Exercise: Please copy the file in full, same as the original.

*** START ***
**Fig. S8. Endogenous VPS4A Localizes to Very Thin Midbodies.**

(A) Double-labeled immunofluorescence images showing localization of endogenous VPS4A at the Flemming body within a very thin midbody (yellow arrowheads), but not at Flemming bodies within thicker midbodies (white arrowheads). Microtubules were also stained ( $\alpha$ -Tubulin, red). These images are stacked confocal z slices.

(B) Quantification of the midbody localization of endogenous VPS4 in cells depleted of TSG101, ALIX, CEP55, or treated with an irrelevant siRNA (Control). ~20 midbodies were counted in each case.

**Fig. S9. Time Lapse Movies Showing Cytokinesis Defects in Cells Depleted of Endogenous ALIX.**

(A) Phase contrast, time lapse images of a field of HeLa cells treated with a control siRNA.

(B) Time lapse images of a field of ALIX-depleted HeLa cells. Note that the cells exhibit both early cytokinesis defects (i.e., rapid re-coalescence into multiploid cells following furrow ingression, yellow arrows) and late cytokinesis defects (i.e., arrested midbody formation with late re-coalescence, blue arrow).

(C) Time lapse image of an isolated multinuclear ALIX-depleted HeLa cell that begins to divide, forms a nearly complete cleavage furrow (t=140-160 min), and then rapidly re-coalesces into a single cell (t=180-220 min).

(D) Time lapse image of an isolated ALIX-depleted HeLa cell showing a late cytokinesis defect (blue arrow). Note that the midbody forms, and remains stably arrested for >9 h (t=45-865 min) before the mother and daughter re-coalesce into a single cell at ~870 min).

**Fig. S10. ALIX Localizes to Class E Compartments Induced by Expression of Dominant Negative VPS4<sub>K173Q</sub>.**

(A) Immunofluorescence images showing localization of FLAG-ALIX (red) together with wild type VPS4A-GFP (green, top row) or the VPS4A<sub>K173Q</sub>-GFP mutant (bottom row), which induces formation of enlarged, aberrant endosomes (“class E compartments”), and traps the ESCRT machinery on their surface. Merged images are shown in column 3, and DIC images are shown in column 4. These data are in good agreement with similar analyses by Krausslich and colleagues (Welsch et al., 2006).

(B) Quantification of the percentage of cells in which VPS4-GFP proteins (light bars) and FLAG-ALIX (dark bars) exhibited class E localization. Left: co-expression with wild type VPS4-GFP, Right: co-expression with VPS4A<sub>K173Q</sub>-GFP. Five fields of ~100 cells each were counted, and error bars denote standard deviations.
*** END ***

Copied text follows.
**Fig. S8. Endogenous VPS4A Localizes to Very Thin Midbodies.**

(A) Double-labeled immunofluorescence images showing localization of endogenous VPS4A at the Flemming body within a very thin midbody (yellow arrowheads), but not at Flemming bodies within thicker midbodies (white arrowheads). Microtubules were also stained ( $\alpha$ -Tubulin, red). These images are stacked confocal z slices.

(B) Quantification of the midbody localization of endogenous VPS4 in cells depleted of TSG101, ALIX, CEP55, or treated with an irrelevant siRNA (Control). ~20 midbodies were counted in each case.

**Fig. S9. Time Lapse Movies Showing Cytokinesis Defects in Cells Depleted of Endogenous ALIX.**

(A) Phase contrast, time lapse images of a field of HeLa cells treated with a control siRNA.

(B) Time lapse images of a field of ALIX-depleted HeLa cells. Note that the cells exhibit both early cytokinesis defects (i.e., rapid re-coalescence into multiploid cells following furrow ingression, yellow arrows) and late cytokinesis defects (i.e., arrested midbody formation with late re-coalescence, blue arrow).

(C) Time lapse image of an isolated multinuclear ALIX-depleted HeLa cell that begins to divide, forms a nearly complete cleavage furrow (t=140-160 min), and then rapidly re-coalesces into a single cell (t=180-220 min).

(D) Time lapse image of an isolated ALIX-depleted HeLa cell showing a late cytokinesis defect (blue arrow). Note that the midbody forms, and remains stably arrested for >9 h (t=45-865 min) before the mother and daughter re-coalesce into a single cell at ~870 min).

**Fig. S10. ALIX Localizes to Class E Compartments Induced by Expression of Dominant Negative VPS4<sub>K173Q</sub>.**

(A) Immunofluorescence images showing localization of FLAG-ALIX (red) together with wild type VPS4A-GFP (green, top row) or the VPS4A<sub>K173Q</sub>-GFP mutant (bottom row), which induces formation of enlarged, aberrant endosomes (“class E compartments”), and traps the ESCRT machinery on their surface. Merged images are shown in column 3, and DIC images are shown in column 4. These data are in good agreement with similar analyses by Krausslich and colleagues (Welsch et al., 2006).

(B) Quantification of the percentage of cells in which VPS4-GFP proteins (light bars) and FLAG-ALIX (dark bars) exhibited class E localization. Left: co-expression with wild type VPS4-GFP, Right: co-expression with VPS4A<sub>K173Q</sub>-GFP. Five fields of ~100 cells each were counted, and error bars denote standard deviations.